How you judge the value-for-money that the RS 3 gives depends entirely on how you see things. On one hand, it’s the cheapest way into one of Audi’s renowned RS models, but on the other, it’s by far the most expensive A3 and costs several thousands more than most of its hot hatch rivals from other companies. The Audi’s fuel economy and emissions are also worse than its rivals’, but if you’re considering a car like this, economy probably isn’t your number one priority. And, the Audi does have one saving grace; its residual values are forecast to be stronger than those of most rivals, meaning its whole-life costs will be more competitive. It will, however, be pricier to maintain and service than the more workmanlike versions of the A3 family.
Despite what you might expect, Audis are not renowned for their reliability. Figures from Warranty Direct put Audi well below average as a manufacturer, and it’s the same story with previous generations of the A3, although it’s often the actual cost of repairs rather than their frequency, which is the problem for owners. On the other hand, buyers of the previous-generation RS 3 report excellent reliability on our website, and this engine has been tried and tested in several different models for years now.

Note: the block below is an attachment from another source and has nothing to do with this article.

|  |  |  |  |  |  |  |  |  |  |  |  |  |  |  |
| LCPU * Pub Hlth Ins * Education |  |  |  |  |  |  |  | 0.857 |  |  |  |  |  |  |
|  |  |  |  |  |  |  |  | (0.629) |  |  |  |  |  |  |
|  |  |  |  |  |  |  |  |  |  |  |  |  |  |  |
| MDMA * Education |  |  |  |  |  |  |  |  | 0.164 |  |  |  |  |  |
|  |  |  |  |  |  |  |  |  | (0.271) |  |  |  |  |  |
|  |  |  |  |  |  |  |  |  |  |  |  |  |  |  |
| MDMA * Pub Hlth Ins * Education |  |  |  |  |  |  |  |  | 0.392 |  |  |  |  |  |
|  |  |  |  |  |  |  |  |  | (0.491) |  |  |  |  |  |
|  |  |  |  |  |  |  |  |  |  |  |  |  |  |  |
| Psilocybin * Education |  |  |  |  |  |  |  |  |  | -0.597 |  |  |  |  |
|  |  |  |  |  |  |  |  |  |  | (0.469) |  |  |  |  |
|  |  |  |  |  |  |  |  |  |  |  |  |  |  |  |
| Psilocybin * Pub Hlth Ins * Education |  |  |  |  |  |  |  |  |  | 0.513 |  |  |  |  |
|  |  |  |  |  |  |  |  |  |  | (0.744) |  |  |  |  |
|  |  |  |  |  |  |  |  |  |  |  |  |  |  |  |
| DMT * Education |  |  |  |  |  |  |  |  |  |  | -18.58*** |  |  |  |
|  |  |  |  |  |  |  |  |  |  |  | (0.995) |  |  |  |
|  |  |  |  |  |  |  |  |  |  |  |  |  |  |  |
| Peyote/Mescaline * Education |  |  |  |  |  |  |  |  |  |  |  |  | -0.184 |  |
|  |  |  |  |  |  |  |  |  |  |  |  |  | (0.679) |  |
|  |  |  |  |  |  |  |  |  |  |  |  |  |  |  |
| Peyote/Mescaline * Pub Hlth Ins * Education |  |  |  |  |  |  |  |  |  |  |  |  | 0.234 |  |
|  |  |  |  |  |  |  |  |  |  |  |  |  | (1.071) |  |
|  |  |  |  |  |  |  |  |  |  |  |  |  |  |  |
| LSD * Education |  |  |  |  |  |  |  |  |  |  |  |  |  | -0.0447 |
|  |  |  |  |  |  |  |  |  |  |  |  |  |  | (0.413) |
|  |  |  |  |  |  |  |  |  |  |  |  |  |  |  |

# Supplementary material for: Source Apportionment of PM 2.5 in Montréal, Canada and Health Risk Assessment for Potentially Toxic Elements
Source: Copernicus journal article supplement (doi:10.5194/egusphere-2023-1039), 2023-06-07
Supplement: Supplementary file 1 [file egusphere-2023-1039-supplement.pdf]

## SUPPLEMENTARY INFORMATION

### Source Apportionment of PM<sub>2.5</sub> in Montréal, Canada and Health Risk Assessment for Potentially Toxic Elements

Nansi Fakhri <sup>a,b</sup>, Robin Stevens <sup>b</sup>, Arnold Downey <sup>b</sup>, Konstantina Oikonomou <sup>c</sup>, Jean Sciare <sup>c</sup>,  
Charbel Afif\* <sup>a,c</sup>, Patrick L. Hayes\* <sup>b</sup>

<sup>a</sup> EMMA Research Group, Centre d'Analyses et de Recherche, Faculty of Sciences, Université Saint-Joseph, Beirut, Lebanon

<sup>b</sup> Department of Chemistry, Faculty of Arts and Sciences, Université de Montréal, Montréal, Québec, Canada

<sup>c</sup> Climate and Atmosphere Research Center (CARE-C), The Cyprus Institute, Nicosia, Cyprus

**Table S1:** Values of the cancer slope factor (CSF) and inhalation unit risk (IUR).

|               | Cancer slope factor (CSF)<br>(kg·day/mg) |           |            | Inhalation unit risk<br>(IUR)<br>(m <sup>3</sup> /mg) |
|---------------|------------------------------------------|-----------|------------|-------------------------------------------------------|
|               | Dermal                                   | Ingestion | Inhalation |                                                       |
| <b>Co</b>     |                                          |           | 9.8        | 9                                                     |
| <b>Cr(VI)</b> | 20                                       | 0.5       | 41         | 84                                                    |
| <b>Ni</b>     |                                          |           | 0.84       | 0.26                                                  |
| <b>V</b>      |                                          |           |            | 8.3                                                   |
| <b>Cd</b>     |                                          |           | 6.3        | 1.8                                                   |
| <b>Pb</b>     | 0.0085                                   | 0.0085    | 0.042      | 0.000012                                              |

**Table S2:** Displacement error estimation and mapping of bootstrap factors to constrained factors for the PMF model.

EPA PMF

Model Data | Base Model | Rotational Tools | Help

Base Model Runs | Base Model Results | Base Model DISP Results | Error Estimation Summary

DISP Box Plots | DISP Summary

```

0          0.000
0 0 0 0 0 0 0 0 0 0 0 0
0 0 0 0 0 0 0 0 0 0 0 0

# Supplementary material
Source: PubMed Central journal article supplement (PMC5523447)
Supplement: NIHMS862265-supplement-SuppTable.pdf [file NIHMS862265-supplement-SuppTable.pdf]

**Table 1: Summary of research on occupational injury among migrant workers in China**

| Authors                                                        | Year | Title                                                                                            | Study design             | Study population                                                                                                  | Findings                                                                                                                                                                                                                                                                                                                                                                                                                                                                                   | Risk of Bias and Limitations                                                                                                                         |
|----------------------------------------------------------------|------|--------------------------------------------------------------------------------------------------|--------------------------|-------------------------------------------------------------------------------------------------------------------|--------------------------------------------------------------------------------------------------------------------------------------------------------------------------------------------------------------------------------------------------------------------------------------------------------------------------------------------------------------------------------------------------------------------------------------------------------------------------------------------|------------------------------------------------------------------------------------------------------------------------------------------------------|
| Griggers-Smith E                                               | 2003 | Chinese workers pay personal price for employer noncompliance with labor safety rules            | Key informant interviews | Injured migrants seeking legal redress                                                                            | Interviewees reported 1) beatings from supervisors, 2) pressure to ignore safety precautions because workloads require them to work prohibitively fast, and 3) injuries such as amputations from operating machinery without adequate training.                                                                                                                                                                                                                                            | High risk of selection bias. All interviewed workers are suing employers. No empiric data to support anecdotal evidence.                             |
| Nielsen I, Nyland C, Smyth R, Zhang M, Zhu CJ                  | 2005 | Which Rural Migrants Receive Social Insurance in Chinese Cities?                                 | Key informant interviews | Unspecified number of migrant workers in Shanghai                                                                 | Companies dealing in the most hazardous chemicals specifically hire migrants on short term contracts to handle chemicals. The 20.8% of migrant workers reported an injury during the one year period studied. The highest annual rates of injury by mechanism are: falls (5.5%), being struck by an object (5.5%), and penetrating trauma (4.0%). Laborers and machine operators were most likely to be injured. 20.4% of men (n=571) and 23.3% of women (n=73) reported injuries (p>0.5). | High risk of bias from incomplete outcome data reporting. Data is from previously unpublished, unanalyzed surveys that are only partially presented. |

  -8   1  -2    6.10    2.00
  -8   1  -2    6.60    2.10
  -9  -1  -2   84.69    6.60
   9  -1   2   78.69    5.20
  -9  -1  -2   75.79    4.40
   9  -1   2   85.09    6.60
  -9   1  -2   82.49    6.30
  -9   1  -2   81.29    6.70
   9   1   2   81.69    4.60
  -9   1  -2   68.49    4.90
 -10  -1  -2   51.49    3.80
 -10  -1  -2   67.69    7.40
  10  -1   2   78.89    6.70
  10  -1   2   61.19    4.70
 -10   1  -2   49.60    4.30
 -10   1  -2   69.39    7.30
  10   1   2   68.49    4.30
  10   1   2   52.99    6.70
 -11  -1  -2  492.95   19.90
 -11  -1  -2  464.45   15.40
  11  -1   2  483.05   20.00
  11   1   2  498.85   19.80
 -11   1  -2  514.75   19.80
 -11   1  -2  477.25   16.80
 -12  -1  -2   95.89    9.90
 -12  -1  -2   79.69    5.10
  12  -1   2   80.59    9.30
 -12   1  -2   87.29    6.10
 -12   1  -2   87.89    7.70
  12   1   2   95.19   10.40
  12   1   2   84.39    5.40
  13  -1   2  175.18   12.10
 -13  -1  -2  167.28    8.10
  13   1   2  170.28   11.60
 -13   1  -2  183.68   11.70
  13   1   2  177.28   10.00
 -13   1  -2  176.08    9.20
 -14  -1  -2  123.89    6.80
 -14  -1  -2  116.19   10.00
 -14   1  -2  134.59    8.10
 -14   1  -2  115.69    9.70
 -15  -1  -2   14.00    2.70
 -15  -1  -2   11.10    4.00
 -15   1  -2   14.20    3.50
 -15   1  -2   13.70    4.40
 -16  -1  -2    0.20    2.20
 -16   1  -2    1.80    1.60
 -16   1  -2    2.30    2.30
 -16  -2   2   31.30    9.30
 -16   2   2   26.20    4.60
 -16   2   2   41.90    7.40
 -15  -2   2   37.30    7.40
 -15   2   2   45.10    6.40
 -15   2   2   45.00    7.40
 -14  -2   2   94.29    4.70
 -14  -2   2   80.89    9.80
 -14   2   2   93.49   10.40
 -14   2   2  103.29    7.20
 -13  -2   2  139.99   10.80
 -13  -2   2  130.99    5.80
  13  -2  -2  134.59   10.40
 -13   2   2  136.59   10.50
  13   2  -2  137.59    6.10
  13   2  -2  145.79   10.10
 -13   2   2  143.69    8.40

The only version of the A3 Sportback to be tested by Euro NCAP is the hybrid e-tron model, but that scored a maximum five stars in tests in 2014; and, we expect that the RS 3 would score just as well if it was to be tested. It comes with an impressive array of standard safety kit – seven airbags, including one for the driver’s knees, as well as Electronic Stability Control and an Electronic Differential Lock – and there are plenty of options available, too. These include Audi’s Lane Assist and Side Assist packages, as well as Adaptive Cruise Control.
As befits the flagship model in A3 Sportback range, the RS 3 comes with plenty of standard equipment. On top of its unique bodykit and sports suspension, you get luxuries such as dual-zone climate control, DAB radio and Bluetooth connectivity. Beyond that, there’s a huge range of options, but among the most tempting are the Magnetic Ride suspension, the Technology Pack (with sat-nav) and enough styling tweaks to be able to make your RS 3 almost unique. Get carried away, though, and you might be surprised by just how much those options cost when totted-up, so it's best to choose them wisely.
The RS 3 is immediately attractive because it’s both the ultimate version of the A3 and the cheapest RS model on the market. On top of that, it’s also very, very fast and demands no sacrifice in terms of quality or practicality over the standard A3 Sportback. If you’re looking for the ultimate hot hatch, though, look elsewhere, because the RS 3 is nowhere near as engaging to drive as several cheaper rivals.